For the last several months, Associate Professor of Education Doris Santoro has been stepping into the increasingly popular world of podcasts. “Embodying the Liberal Arts,” attempts to capture Bowdoin students’ stories and share them with the broader community. Santoro hopes that the podcast will help students connect with each other more deeply and honestly.

Santoro was inspired to start the podcast while on sabbatical last year. Observing what was happening on campus, she felt as though there was a loss of respect between students.

“I like the medium of a podcast because it enables you to just listen. There is no interruption,” said Santoro.

She was further inspired after a conference where she met Marcia Chatelain, associate professor of history at Georgetown University, who has her own podcast where she interviews students. Santoro later wrote to Chatelin, who encouraged her to start a podcast at Bowdoin.

“[The podcast’s goal] is to promote the practice of empathy and compassion, to find points of connection where you may not have known to look,” Santoro said. She also wants “to foster connection where students might feel like they are the only ones going through something so that they come to realize that they are not the only one[s] who might be experiencing that.”  

Santoro added that the podcast speaks to the unique nature of the liberal arts experience and the Bowdoin experience in particular.

 “For a very long time I feel like people talked about ‘This is what the Bowdoin student looks like’ or that there is a norm that either students should aspire to or that they do aspire to. I try to make sure I’m talking to people who embody what it means to be a Bowdoin student in really different ways so that students themselves can see that there is no norm even if it feels like there is,” she said.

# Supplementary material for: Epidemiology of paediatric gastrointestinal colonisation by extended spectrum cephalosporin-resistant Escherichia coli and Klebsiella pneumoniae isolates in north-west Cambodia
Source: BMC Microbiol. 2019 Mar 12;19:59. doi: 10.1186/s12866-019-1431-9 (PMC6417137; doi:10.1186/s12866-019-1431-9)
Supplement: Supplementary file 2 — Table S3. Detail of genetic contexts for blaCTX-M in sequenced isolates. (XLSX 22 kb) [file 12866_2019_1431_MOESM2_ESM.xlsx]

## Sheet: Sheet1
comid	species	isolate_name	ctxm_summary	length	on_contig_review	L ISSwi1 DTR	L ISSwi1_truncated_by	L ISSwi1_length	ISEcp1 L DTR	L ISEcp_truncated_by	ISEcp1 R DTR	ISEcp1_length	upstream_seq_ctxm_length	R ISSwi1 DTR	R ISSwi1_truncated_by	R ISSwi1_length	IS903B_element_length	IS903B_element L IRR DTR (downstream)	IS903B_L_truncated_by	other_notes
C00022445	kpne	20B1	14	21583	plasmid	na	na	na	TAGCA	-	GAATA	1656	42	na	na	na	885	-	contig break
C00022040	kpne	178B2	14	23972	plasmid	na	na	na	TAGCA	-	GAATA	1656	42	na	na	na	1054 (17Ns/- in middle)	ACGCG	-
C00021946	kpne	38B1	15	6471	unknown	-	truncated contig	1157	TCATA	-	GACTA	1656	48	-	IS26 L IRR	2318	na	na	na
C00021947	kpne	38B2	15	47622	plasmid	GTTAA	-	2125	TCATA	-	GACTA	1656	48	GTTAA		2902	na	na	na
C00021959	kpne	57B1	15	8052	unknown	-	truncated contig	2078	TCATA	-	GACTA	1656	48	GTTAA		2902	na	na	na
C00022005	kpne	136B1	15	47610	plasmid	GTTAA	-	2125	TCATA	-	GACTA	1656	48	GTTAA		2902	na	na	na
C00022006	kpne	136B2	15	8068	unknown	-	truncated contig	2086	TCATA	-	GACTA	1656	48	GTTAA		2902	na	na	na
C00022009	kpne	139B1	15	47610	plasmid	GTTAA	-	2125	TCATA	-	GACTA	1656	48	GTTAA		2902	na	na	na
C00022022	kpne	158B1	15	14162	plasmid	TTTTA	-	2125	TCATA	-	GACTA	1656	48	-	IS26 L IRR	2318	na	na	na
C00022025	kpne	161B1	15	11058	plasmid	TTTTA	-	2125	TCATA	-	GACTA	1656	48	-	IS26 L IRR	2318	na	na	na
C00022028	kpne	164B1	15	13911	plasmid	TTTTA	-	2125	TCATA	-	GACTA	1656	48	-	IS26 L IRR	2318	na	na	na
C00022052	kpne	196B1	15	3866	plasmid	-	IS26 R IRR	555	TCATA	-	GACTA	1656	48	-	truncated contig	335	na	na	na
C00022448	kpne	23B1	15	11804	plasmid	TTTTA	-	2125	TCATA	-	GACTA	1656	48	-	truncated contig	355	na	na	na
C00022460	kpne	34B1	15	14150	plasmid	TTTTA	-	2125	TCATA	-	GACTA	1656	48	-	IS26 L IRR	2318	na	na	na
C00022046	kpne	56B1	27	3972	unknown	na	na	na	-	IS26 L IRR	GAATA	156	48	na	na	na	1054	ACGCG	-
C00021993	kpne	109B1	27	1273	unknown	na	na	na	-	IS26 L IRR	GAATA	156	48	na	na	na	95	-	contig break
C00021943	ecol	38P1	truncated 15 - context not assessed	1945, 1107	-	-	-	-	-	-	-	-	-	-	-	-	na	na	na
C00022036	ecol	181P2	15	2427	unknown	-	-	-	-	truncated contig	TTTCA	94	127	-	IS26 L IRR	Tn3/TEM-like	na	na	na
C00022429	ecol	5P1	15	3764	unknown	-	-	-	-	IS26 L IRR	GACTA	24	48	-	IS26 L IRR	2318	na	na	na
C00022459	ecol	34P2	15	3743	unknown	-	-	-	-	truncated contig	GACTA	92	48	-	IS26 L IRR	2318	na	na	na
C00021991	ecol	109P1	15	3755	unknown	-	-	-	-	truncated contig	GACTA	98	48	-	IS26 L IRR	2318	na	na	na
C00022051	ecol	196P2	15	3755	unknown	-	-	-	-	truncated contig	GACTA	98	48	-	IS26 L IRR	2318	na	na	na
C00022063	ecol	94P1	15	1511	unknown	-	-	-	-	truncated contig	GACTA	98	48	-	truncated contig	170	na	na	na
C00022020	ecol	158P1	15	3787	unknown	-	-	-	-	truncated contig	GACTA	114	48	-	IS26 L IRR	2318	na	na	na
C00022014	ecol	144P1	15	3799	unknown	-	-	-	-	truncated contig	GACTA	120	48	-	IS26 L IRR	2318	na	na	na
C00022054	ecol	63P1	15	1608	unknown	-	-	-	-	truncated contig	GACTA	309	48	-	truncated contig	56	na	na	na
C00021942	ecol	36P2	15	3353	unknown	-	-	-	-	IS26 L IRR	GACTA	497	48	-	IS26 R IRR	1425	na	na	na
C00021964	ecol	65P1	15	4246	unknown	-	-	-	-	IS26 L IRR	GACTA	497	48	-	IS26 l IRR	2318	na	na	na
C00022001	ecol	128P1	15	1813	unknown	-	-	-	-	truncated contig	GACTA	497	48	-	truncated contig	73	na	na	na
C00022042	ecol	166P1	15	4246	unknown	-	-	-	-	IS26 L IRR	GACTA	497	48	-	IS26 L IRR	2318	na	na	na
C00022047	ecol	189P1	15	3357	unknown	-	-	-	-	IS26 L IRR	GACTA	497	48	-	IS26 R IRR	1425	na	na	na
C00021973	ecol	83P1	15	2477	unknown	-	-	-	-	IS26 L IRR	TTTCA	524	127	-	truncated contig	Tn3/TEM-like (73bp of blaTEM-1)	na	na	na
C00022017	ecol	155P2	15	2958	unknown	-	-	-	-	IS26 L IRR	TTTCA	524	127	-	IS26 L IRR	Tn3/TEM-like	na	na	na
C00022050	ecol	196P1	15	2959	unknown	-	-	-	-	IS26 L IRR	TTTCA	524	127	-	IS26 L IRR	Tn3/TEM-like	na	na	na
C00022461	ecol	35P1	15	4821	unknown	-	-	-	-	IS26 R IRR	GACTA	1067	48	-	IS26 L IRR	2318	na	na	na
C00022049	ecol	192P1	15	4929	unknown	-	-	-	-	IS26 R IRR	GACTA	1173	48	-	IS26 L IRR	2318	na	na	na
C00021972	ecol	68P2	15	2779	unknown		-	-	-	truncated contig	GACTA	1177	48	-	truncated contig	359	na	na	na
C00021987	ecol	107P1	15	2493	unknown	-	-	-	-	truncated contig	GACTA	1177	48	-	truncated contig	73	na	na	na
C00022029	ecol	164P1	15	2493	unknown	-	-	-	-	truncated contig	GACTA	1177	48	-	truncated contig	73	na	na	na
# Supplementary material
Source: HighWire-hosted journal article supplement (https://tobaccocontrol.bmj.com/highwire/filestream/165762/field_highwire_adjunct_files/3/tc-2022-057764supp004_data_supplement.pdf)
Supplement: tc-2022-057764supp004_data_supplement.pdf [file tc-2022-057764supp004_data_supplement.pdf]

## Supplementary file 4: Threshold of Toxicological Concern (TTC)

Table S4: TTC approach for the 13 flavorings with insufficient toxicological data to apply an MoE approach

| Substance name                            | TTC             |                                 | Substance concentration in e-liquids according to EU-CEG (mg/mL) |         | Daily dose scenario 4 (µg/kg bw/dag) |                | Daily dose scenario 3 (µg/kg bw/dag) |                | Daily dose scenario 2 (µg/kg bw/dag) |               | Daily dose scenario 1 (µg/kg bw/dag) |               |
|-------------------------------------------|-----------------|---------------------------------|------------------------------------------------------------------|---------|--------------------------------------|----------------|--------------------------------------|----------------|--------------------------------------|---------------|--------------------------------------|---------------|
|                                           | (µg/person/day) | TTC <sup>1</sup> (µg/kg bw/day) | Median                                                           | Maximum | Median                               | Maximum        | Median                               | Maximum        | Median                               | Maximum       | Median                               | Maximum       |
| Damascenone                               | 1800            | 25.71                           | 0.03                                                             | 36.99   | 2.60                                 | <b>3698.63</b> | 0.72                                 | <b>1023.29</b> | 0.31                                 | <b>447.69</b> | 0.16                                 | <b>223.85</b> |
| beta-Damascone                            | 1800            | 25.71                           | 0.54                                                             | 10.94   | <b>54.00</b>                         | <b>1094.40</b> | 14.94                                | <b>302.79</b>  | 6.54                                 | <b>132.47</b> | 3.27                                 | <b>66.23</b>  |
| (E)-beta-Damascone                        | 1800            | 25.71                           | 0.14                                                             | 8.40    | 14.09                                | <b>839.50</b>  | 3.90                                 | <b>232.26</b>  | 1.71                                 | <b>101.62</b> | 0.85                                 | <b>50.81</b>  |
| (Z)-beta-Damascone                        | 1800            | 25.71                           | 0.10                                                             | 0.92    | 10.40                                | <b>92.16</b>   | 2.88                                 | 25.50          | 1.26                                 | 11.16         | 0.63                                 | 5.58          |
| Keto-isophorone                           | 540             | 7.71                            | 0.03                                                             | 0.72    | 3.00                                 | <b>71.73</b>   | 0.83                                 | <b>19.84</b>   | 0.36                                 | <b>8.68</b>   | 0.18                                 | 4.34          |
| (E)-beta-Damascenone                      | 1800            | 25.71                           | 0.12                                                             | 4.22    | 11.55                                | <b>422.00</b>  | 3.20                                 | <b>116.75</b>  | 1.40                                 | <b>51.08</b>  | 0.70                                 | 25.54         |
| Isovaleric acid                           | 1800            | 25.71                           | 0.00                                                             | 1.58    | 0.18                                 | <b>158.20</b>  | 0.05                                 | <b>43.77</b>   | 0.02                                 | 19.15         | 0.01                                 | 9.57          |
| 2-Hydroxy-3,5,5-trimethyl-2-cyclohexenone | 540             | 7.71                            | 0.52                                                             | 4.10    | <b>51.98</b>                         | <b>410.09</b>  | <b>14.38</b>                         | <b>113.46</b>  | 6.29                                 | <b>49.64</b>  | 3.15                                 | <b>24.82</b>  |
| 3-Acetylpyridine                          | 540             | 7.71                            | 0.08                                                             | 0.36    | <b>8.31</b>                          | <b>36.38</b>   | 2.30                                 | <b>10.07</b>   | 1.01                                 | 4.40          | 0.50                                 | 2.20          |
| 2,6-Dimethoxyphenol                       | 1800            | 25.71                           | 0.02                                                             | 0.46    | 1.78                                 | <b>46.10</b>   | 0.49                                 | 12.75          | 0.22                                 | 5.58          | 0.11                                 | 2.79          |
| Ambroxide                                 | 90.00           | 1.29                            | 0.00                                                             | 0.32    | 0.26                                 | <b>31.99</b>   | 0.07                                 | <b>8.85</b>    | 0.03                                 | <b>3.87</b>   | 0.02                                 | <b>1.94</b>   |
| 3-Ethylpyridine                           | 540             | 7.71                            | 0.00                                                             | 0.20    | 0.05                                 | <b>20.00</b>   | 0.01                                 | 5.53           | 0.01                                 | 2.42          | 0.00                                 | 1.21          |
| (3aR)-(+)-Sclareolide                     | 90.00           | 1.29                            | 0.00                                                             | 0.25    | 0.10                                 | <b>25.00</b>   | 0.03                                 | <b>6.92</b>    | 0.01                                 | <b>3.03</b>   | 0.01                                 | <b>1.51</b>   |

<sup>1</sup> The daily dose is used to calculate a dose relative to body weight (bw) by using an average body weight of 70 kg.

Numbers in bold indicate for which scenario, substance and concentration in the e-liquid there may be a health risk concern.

In the podcasts, Santoro asks three questions: what is most important to you, what does a liberal arts education mean to you, and what do you wish your professors knew about you.
“I just love those questions and how open they are,” said Santoro.

Mitsuki Nishimoto ’17, one of the students featured on the podcast, agreed that the questions allow for open interpretation, noting that while the questions are the same, each podcast is incredibly unique.

“I know that sounds cheesy but if you look at all the different titles, if you listen to even the first five minutes of any one, there are definitely some commonalities but there are a lot of differences,” said Nishimoto.

“I think it’s really rare for professors to ask questions like that. I have never really had a space where I could talk about myself for 40 minutes,” she said. “That was really meaningful to me ... to know that a professor cared to ask me about my life.”

For Professor Santoro, these meaningful conversations with students are at the heart of the podcast.

“I think that it would be hard to listen to any of these folks no matter who they are and not come away thinking how thoughtful, brilliant and engaged they are.”

“Embodying the Liberal Arts” is available on iTunes or at